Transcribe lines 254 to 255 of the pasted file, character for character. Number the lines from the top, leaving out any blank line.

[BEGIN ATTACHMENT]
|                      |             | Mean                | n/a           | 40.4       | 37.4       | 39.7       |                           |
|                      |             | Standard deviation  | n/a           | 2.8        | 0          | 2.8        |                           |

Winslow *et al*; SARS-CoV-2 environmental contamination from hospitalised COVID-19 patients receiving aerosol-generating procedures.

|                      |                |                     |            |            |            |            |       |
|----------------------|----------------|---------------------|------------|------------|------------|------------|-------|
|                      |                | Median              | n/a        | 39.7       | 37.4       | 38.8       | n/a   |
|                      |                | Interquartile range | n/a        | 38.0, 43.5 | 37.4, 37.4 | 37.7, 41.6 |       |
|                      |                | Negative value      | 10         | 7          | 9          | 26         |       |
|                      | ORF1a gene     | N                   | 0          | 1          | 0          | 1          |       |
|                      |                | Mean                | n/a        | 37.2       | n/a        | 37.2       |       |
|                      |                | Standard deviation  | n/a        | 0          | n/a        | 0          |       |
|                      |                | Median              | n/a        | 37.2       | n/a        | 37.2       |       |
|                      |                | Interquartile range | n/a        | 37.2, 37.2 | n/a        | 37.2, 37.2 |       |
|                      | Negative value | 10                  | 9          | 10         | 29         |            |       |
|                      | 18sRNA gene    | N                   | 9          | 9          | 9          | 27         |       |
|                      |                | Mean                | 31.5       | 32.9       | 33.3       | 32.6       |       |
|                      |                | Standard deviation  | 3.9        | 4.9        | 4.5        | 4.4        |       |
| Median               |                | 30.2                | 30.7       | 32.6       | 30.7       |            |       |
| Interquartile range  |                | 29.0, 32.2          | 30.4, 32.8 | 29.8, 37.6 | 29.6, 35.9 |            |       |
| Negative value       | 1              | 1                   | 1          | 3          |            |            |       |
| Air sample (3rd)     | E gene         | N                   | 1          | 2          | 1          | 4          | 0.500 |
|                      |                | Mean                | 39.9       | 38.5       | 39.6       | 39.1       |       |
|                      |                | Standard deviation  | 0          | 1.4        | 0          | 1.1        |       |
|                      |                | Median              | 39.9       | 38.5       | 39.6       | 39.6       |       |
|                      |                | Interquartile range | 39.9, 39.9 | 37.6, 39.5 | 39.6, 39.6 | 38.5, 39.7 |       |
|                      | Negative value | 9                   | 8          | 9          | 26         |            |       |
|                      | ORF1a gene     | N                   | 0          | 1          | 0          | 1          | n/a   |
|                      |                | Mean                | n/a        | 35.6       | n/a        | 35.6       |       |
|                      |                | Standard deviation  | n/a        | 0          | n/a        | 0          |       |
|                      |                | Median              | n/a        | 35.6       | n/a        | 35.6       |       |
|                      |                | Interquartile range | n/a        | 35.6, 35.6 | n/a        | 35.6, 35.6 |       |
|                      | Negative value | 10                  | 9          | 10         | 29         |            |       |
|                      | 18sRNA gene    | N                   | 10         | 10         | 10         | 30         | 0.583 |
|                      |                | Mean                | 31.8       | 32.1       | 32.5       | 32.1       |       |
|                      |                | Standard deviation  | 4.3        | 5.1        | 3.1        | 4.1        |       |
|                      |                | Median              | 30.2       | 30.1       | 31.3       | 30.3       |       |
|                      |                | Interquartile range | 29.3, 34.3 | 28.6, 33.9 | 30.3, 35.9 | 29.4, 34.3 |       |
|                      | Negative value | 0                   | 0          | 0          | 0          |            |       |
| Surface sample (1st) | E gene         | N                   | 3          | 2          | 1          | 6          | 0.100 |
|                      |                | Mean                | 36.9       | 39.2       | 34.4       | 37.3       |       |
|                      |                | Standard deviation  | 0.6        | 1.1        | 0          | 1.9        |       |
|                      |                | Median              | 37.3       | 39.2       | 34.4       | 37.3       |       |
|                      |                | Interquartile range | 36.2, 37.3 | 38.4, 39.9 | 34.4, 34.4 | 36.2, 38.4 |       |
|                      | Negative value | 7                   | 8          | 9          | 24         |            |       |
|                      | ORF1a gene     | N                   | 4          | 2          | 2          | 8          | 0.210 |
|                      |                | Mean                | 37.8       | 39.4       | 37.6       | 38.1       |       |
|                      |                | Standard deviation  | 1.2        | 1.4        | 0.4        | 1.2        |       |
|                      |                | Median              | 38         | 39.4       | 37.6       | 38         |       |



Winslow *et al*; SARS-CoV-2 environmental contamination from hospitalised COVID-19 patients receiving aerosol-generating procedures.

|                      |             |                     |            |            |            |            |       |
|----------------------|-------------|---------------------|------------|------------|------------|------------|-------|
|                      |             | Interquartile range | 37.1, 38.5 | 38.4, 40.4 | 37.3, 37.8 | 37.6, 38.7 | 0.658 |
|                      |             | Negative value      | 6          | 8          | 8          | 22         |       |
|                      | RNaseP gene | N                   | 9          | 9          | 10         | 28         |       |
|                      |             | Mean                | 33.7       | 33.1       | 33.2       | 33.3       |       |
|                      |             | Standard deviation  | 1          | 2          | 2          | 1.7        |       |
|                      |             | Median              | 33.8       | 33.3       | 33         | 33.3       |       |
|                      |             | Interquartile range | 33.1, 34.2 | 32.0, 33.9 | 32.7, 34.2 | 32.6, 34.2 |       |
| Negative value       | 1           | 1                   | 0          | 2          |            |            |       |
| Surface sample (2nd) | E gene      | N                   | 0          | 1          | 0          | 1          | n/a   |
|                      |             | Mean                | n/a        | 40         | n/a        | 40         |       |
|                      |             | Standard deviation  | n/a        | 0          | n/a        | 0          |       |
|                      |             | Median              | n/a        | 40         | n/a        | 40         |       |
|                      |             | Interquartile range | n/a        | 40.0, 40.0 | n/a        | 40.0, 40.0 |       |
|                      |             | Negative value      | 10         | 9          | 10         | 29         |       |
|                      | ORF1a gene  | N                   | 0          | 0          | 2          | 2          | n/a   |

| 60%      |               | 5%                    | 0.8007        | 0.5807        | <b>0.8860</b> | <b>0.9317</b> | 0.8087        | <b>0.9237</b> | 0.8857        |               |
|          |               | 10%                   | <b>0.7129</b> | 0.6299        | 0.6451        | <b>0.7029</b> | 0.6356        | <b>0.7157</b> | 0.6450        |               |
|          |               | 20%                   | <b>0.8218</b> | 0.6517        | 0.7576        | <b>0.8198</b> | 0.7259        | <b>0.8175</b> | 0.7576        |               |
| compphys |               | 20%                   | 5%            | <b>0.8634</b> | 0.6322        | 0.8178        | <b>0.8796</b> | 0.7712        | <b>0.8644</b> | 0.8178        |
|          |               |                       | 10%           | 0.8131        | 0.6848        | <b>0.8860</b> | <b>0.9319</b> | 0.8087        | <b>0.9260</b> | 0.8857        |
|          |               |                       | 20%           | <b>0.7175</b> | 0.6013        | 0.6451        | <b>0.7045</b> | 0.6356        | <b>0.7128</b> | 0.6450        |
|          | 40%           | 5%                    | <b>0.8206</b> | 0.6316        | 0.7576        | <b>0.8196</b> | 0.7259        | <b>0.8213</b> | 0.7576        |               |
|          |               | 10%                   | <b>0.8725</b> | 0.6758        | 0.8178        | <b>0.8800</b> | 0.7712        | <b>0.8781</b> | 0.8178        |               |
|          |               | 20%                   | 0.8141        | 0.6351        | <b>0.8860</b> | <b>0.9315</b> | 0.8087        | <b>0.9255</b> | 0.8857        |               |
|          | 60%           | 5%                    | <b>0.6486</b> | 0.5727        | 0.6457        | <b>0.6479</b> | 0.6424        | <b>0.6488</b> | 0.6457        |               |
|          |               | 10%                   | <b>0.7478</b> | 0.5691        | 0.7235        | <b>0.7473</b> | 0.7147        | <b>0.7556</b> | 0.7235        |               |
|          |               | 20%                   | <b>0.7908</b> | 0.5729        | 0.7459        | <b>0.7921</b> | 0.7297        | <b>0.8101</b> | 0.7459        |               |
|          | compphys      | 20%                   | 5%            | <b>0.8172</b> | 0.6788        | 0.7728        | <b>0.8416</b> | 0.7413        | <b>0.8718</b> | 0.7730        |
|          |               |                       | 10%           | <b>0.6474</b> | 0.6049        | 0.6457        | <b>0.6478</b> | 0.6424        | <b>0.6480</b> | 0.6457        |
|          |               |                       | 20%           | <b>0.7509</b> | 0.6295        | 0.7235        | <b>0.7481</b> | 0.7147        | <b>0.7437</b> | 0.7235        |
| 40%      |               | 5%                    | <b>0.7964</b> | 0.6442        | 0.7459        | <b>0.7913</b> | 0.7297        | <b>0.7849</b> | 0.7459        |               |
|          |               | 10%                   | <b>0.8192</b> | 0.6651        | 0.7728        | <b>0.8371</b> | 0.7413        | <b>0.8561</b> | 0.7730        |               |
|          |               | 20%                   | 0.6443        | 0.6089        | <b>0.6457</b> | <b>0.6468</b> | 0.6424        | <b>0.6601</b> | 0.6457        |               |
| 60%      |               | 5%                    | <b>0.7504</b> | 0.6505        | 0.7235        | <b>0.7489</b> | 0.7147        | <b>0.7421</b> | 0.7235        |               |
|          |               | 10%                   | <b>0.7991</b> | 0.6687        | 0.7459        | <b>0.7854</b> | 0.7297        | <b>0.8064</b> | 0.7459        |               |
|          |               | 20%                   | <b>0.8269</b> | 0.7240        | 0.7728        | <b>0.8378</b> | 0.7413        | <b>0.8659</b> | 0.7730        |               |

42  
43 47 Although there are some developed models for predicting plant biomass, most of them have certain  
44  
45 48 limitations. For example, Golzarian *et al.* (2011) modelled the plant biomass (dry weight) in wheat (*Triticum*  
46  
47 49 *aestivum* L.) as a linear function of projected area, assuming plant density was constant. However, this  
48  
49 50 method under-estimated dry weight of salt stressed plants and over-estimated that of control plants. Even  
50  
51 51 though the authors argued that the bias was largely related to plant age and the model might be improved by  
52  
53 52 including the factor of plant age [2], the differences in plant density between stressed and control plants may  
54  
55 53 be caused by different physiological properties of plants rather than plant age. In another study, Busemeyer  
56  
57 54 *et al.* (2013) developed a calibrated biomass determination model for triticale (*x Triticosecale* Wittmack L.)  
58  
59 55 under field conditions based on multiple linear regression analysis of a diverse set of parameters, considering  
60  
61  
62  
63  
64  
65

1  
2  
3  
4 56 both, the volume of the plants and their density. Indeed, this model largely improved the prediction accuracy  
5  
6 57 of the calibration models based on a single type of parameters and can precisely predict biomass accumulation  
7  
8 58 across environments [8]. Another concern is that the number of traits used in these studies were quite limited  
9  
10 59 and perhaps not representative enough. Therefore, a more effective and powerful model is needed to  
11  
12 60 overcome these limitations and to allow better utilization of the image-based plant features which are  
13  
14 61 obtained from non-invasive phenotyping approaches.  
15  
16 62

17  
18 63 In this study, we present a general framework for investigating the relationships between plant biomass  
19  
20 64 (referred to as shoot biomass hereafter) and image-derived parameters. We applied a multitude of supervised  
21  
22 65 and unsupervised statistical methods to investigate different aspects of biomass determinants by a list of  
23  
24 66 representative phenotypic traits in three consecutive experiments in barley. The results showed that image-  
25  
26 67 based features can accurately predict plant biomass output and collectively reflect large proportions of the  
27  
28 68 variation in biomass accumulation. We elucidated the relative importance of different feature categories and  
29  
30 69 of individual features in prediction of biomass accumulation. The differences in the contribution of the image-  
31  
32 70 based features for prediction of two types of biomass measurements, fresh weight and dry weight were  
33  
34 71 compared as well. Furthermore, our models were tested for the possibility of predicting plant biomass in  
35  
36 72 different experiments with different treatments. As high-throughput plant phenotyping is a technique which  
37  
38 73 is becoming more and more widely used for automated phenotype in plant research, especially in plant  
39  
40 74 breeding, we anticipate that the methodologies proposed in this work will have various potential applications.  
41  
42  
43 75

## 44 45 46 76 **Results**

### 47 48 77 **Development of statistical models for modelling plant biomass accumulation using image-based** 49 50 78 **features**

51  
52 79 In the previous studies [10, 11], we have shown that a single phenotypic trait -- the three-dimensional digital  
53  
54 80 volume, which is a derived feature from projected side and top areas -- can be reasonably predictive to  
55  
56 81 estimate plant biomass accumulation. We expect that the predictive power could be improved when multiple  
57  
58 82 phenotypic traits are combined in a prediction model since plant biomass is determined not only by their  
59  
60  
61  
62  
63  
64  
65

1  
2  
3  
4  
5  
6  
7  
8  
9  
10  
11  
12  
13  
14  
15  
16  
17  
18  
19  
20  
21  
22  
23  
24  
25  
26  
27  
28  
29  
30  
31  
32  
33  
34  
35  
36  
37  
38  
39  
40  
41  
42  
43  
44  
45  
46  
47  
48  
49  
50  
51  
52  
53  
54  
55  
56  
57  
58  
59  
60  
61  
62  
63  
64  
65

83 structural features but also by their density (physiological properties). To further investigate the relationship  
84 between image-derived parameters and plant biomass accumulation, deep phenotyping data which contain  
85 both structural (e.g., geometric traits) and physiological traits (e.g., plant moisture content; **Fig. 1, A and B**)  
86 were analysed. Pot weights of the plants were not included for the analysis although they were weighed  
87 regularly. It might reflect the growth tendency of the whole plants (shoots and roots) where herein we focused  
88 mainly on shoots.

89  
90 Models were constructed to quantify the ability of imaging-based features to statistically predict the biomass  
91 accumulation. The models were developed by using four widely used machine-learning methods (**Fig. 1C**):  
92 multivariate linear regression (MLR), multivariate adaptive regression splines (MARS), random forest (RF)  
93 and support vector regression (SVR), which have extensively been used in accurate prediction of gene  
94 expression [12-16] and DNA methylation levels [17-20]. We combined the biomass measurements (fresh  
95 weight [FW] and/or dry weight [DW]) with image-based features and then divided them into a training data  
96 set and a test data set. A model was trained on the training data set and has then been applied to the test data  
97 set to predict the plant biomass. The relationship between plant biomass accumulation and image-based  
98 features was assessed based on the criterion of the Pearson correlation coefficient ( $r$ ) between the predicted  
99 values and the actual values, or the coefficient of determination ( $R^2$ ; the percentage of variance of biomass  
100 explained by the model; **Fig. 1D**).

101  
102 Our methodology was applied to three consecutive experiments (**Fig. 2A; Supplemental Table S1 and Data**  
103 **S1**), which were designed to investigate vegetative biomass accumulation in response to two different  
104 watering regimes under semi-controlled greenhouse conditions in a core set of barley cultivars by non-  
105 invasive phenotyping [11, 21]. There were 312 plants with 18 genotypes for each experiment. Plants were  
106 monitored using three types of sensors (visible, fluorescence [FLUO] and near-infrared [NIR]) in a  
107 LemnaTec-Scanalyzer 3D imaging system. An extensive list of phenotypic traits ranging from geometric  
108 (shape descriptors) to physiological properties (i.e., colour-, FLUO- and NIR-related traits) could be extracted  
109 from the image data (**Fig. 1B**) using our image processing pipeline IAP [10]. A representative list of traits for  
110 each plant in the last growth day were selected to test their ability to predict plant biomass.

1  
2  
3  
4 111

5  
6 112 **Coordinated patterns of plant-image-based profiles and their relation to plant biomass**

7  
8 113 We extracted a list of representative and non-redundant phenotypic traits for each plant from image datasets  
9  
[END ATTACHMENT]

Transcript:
100 explained by the model; **Fig. 1D**).

101  